Looking for a view at Cragside

August 19, 2019  •  Leave a Comment

I have recently spent a few days up in Northumberland on a short holiday break. The trip include a visit to Cragside, near Rothbury which is, according to TripAdvisor, the highest rated and most reviewed historic site in Northumberland.

The Cragside estate was created by Lord Armstrong in the nineteenth century, initially as a weekend retreat, expanded in stages to create a large country house of sufficient stature to host the Prince of Wales for a visit in 1884. The estate was also developed by Armstrong, with over seven million trees planted, 40 miles of footpaths through over 1,000 acres, a pinetum and locations linked to Armstrong's pioneering installation of hydraulic and hydro electric power at the estate and house.

There are two classic views of  the house at Cragside - looking from the Debdon burn past the iron bridge towards the house, and the view below of the house from the rockery:

Cragside viewCragside from the rockerySummer photograph of Cragside, Lord Armstrong's country house near Rothbury in Northumberland

There are however innumerable photo opportunities beyond the classic shots. During our visit we walked across to the formal garden. We didn't take in this part of the estate on our previous visit some 20 years ago, so this was a first for us, and well worth the 400m walk from the main path to the house. The formal garden covers about 3 acres, with views across to the Simonside Hills. The clock tower was built as the pay office for the estate workers, and makes an interesting feature for a photograph showing the variety of textures and colour in the garden borders in high summer:

Cragside clock totwerCragside clock tower an formal gardenCragside, near Rothbury, Northumberland - clock tower and formral garden

This particular viewpoint attracted me because of contrast between the wide range of different green tones in the various plants and trees, and consistent colours of the stones and tiles of the clock tower. The angular clock tower almost appears to be an artificial tree, reaching to the sky among the other trees and bushes. I deliberately composed the image so there was no overlap between the clock tower and the surrounding trees to give it some sense of separation from the rest of the scene.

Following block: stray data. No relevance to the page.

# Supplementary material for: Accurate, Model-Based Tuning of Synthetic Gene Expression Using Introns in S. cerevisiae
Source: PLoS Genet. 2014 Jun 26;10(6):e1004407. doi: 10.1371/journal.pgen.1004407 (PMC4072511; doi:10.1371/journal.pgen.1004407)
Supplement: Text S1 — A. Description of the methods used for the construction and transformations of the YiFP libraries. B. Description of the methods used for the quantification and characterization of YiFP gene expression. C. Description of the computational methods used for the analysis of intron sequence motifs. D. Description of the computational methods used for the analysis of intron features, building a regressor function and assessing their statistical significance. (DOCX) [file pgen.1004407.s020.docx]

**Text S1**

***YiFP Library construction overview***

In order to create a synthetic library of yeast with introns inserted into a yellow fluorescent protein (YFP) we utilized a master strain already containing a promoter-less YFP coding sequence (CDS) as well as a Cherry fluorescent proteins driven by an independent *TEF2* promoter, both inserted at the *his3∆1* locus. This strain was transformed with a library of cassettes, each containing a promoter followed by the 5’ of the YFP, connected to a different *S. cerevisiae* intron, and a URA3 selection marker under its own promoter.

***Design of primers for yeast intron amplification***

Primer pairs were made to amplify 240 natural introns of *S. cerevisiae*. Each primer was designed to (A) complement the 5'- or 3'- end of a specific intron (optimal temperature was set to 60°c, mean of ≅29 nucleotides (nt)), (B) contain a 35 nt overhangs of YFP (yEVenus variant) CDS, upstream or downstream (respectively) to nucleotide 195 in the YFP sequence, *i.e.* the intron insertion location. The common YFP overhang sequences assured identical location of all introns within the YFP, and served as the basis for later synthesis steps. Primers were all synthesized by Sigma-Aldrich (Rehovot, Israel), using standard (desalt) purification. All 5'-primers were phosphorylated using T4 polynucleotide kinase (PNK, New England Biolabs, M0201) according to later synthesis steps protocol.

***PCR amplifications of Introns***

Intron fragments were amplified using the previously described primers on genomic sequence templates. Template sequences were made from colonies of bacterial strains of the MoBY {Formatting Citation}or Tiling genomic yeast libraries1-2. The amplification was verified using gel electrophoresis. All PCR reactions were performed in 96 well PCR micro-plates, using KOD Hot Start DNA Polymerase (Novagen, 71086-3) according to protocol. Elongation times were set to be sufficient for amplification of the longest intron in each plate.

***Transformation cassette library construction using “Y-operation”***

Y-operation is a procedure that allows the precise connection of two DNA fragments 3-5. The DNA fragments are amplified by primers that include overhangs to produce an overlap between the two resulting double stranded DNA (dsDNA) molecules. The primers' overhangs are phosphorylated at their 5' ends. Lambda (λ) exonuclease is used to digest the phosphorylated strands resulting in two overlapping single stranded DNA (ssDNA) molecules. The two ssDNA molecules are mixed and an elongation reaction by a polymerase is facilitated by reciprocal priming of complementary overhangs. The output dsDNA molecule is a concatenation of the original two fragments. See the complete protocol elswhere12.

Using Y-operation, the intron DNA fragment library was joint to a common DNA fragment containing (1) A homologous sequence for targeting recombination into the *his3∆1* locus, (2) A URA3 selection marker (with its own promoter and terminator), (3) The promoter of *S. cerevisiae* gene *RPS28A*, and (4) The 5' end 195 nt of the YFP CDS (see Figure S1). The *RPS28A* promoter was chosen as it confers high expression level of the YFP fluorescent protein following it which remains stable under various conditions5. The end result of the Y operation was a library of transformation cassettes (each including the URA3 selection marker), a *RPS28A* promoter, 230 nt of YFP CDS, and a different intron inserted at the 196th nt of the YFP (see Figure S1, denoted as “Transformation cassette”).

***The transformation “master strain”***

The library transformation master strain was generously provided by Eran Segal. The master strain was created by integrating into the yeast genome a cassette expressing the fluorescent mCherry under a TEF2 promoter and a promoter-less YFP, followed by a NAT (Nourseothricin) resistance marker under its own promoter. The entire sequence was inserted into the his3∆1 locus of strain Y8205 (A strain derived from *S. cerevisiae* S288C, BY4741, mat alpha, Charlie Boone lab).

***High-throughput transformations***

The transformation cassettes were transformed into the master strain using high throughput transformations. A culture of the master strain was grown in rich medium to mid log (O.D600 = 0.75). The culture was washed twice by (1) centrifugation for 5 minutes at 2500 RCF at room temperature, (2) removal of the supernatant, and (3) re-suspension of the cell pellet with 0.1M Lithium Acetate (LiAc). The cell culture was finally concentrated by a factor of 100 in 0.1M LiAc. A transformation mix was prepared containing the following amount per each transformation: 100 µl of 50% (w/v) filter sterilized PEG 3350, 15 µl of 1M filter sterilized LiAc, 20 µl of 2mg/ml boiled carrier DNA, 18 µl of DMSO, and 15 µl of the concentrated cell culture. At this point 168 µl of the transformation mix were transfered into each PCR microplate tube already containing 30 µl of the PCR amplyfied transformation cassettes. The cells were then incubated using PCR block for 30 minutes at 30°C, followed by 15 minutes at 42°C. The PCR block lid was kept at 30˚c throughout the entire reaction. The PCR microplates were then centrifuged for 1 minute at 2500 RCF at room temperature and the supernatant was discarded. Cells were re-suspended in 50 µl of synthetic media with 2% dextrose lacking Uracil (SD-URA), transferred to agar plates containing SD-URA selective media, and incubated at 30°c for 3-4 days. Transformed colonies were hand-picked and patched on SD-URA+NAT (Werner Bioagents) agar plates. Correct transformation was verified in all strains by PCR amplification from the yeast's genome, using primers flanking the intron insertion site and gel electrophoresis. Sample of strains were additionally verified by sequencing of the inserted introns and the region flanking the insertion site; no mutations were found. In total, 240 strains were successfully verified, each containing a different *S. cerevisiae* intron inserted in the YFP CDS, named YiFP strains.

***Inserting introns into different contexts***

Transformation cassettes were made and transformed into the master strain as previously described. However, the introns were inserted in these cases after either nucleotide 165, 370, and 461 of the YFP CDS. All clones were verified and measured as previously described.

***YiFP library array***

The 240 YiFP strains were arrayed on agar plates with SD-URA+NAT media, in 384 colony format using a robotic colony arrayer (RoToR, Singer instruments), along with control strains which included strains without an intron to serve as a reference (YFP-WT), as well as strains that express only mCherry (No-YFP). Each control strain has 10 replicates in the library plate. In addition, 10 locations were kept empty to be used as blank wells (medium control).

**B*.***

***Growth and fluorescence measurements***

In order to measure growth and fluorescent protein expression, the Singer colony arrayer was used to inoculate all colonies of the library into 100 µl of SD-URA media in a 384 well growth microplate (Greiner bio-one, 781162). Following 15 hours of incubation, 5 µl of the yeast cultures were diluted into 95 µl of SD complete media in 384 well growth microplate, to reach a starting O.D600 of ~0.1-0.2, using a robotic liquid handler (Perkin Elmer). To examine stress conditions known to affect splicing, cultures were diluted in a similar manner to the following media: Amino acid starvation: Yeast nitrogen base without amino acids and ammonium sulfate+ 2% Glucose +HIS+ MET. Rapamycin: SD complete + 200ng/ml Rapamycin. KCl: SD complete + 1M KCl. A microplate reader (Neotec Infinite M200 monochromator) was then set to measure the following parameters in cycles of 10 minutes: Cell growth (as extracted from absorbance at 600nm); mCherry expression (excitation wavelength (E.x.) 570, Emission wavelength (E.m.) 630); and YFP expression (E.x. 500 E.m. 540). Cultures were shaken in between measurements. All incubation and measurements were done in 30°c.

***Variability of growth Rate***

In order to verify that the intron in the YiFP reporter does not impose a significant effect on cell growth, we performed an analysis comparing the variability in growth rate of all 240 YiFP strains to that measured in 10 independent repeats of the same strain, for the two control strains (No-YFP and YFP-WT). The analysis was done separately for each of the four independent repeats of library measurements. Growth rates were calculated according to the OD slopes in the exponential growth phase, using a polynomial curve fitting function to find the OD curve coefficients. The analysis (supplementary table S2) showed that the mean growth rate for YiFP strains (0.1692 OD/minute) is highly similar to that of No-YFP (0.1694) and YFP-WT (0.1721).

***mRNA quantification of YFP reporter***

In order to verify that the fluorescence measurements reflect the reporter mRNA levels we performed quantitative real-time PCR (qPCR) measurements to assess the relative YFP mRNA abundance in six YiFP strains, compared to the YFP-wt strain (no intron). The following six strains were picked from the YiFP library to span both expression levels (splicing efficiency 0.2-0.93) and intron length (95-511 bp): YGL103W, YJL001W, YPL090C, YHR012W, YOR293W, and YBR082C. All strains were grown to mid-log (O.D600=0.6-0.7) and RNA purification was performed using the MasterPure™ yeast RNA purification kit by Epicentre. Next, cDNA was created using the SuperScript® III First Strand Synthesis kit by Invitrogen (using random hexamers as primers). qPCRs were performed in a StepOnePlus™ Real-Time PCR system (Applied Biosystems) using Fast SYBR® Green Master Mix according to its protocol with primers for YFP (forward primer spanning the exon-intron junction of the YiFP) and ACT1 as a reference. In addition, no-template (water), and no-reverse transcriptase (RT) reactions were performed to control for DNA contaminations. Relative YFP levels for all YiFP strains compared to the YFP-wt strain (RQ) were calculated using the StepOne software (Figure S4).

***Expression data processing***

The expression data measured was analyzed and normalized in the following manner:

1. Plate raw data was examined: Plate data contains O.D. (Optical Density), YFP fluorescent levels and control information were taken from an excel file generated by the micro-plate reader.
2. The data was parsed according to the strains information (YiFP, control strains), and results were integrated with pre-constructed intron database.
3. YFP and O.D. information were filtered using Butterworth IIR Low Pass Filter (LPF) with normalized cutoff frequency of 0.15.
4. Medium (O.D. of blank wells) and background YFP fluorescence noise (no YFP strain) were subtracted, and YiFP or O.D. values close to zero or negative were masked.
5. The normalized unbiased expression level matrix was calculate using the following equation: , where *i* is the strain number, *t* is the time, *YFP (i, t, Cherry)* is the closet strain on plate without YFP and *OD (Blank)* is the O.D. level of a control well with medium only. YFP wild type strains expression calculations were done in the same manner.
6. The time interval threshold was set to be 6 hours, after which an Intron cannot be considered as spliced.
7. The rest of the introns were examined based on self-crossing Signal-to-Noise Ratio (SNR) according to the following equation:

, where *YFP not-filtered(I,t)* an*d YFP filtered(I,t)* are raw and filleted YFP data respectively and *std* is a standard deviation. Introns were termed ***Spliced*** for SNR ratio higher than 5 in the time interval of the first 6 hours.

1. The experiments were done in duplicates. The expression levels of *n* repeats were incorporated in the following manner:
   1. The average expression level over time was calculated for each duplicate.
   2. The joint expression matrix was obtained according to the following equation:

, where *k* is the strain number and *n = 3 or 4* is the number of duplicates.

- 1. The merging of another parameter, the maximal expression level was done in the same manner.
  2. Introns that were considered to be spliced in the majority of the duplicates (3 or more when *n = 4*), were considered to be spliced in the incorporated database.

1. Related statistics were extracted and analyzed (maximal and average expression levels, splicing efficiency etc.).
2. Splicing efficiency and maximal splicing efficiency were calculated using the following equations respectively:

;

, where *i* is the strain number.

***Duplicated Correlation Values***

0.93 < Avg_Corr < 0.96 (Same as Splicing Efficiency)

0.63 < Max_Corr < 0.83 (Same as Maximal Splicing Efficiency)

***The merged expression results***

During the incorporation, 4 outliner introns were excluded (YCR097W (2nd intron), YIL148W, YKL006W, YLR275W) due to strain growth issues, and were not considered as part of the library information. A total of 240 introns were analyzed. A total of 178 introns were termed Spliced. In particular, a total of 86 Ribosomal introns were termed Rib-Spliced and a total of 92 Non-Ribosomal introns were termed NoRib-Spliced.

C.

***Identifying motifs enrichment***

While relaxing in the gardens, I was also fortunate to see a hummingbird hawkmoth feeding on Buddleia flowers - not something I have seen before:

hummingbird hawkmoth photoHummingbird hawkmoth at Cragside gardensHummingbird Hawkmoth feeding on buddliea flowers at Cragside near Rothbury Northumberland I couldn't see the exceptionally long proboscis of the moth with the naked eye, but is shows clearly in the photograph.

One of the most impressive natural features of the gardens at Cragside is the pinetum. The trees within the pinetum were planted around 140 years ago, and are now towering specimens along the Debdon Burn, including the tallest Scots pine in the UK, and a Coast Douglas fir measured at over 61m (200ft) high. I chose a viewpoint near the iron bridge to photograph the pinetum, with a gunnera and the rustic bridge acting as the foreground interest in the photograph, and the huge pine trees clustered around the Debdon burn leading through the composition of the picture. 

This viewpoint works impressively as a portrait shaped photograph:

Cragside pinetum photographRustic bridge and pinetum at Cragsidethe rustic bridge debdon burn at cragside near Rothbury Northumberland

and also with a landscape orientation:

Rustic bridge at CragsideRustic bridge and pinetum at Cragsidethe rustic bridge, Debdon Burn and pinetum at Cragside near Rothbury, Northumberland

I have included these photographs as additions to my Northumberland gallery .

Cragside is well worth a visit as a large estate funded by Victorian industry. However, it also has fascinating features reflecting very modern concerns about sustainability. It has a water powered hydraulic lift, and is the first home in the world to have been lit by hydro electric power. The estate and its landscape are far more mature now than they were when Lord Armstong died in 1900, giving innumerable opportunities to create interesting photographs.


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